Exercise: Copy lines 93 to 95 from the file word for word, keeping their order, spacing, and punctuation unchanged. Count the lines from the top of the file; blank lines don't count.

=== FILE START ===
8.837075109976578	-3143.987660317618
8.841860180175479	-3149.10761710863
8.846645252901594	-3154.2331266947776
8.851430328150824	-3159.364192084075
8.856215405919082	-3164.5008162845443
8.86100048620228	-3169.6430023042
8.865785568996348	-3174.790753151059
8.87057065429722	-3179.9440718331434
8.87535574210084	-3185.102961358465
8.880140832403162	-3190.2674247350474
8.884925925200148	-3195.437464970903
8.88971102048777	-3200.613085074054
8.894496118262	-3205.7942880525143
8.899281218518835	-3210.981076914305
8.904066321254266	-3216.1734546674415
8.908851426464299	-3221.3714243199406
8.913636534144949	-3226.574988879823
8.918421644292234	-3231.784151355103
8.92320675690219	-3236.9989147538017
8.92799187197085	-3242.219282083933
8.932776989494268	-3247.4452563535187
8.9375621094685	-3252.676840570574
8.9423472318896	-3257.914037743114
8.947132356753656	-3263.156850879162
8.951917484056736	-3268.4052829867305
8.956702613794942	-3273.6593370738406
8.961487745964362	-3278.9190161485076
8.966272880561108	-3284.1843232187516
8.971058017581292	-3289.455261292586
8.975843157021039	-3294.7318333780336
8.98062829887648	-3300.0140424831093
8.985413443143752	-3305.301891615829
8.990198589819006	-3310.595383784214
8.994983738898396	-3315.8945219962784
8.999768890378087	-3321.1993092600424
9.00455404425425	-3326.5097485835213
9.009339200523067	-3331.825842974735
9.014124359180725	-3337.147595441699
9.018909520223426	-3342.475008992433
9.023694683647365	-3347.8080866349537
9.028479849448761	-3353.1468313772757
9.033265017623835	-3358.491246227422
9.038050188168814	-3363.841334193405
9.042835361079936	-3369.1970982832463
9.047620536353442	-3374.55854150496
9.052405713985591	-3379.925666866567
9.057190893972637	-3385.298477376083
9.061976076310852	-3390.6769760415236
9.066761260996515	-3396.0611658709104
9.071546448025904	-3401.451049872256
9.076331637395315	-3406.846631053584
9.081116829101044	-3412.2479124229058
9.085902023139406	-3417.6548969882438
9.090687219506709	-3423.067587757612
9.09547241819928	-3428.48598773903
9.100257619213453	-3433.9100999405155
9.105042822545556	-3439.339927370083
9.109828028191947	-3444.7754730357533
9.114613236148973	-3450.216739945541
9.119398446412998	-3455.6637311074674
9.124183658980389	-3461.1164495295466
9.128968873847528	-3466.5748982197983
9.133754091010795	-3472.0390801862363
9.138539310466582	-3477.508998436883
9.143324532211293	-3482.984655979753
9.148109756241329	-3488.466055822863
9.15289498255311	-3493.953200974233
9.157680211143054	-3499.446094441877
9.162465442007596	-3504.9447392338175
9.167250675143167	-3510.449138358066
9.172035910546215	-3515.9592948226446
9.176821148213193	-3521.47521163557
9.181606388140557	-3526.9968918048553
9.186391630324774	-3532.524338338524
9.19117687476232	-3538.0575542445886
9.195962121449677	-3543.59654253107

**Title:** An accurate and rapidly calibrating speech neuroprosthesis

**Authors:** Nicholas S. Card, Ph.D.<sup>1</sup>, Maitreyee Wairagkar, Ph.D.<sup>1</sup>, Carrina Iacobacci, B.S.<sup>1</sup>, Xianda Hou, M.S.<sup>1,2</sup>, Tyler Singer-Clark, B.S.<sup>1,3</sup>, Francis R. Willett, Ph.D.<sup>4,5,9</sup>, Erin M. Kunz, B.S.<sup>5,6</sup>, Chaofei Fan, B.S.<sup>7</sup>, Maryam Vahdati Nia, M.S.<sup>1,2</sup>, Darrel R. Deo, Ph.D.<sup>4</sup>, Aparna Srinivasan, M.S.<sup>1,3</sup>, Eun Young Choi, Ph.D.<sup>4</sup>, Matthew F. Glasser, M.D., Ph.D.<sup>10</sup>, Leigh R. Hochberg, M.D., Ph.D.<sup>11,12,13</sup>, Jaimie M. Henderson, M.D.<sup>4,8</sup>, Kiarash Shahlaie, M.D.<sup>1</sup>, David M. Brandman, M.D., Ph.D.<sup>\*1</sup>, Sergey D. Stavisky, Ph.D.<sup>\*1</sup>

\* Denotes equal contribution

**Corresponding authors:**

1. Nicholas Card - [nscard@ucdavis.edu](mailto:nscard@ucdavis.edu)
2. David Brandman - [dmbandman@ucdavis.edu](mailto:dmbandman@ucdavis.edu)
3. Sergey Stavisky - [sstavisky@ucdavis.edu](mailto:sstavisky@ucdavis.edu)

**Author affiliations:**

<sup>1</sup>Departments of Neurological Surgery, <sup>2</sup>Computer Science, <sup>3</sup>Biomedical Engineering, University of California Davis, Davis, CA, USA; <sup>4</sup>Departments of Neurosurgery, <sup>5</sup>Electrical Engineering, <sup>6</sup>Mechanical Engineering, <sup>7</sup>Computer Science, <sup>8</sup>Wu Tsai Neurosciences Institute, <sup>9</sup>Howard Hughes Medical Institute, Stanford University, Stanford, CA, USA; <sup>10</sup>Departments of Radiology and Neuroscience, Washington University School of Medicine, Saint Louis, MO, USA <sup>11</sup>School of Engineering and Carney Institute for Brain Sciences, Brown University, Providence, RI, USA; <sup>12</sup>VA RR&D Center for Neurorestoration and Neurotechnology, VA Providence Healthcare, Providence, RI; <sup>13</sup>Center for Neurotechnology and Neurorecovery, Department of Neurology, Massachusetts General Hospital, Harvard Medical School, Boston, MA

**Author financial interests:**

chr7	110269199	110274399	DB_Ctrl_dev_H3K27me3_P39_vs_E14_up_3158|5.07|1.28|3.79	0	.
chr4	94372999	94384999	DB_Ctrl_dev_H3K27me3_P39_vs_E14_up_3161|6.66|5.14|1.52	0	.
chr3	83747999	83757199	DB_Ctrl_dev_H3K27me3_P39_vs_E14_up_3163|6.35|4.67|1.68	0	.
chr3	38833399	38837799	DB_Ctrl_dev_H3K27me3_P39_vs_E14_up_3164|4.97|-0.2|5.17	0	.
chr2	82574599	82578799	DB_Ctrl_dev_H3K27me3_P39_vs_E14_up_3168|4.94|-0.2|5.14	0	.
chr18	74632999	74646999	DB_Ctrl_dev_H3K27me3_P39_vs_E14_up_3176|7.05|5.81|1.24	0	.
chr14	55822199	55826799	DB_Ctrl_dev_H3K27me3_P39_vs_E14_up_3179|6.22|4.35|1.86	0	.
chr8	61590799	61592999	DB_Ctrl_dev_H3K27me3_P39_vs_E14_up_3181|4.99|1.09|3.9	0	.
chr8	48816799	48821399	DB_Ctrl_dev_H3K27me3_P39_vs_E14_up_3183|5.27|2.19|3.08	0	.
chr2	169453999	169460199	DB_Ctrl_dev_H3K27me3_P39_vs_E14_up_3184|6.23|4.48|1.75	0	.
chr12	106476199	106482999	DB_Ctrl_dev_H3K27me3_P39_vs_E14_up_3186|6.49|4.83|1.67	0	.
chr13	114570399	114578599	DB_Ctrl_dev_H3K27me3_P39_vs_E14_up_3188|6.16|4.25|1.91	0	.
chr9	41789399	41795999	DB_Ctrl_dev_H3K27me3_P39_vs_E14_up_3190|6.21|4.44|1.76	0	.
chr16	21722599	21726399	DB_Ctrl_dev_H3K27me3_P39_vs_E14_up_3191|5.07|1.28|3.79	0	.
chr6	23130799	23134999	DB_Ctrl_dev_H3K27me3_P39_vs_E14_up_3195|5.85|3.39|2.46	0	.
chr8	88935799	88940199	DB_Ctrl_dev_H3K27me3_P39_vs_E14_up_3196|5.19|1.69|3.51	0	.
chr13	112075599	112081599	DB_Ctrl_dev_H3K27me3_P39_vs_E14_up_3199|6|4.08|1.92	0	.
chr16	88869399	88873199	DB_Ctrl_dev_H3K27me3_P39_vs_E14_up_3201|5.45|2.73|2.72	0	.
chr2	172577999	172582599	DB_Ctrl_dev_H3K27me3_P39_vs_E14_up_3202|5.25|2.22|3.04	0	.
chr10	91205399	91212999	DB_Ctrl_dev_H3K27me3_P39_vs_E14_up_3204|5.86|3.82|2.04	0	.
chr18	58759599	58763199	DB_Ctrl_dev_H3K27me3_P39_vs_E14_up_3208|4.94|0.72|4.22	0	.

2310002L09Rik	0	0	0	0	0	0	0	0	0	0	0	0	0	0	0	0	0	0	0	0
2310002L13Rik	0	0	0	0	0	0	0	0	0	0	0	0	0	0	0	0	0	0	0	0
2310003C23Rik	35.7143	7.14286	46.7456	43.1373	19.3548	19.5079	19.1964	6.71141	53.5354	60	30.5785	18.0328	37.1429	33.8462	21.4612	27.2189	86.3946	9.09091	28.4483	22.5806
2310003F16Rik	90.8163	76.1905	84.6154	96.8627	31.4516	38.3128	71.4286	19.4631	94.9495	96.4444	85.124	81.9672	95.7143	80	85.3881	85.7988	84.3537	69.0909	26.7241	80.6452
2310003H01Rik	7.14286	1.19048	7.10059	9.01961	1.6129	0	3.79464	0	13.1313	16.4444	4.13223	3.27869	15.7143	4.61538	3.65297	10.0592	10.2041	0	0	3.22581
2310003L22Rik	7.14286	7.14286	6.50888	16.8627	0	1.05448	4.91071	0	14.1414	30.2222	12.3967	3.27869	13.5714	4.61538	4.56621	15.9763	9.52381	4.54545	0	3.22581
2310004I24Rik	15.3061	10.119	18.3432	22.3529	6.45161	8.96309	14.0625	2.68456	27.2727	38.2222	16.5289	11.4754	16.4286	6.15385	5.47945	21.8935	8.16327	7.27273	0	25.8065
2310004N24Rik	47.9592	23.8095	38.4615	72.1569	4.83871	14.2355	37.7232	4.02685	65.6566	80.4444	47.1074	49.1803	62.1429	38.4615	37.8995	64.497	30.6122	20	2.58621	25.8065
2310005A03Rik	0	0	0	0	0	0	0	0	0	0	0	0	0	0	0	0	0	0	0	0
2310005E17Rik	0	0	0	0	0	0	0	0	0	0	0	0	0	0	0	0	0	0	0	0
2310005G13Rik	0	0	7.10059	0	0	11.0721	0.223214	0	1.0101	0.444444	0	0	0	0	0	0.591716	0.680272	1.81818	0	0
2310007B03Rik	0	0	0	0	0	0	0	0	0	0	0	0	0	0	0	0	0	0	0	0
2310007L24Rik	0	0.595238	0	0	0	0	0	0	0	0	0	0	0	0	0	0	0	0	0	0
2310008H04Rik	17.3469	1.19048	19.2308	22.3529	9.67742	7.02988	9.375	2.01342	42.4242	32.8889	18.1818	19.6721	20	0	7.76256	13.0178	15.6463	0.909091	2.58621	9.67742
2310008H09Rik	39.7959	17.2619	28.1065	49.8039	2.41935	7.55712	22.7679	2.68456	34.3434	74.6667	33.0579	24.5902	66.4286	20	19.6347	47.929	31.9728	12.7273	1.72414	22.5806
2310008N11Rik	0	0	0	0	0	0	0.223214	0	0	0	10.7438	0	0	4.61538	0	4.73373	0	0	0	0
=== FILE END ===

chr14	55822199	55826799	DB_Ctrl_dev_H3K27me3_P39_vs_E14_up_3179|6.22|4.35|1.86	0	.
chr8	61590799	61592999	DB_Ctrl_dev_H3K27me3_P39_vs_E14_up_3181|4.99|1.09|3.9	0	.
chr8	48816799	48821399	DB_Ctrl_dev_H3K27me3_P39_vs_E14_up_3183|5.27|2.19|3.08	0	.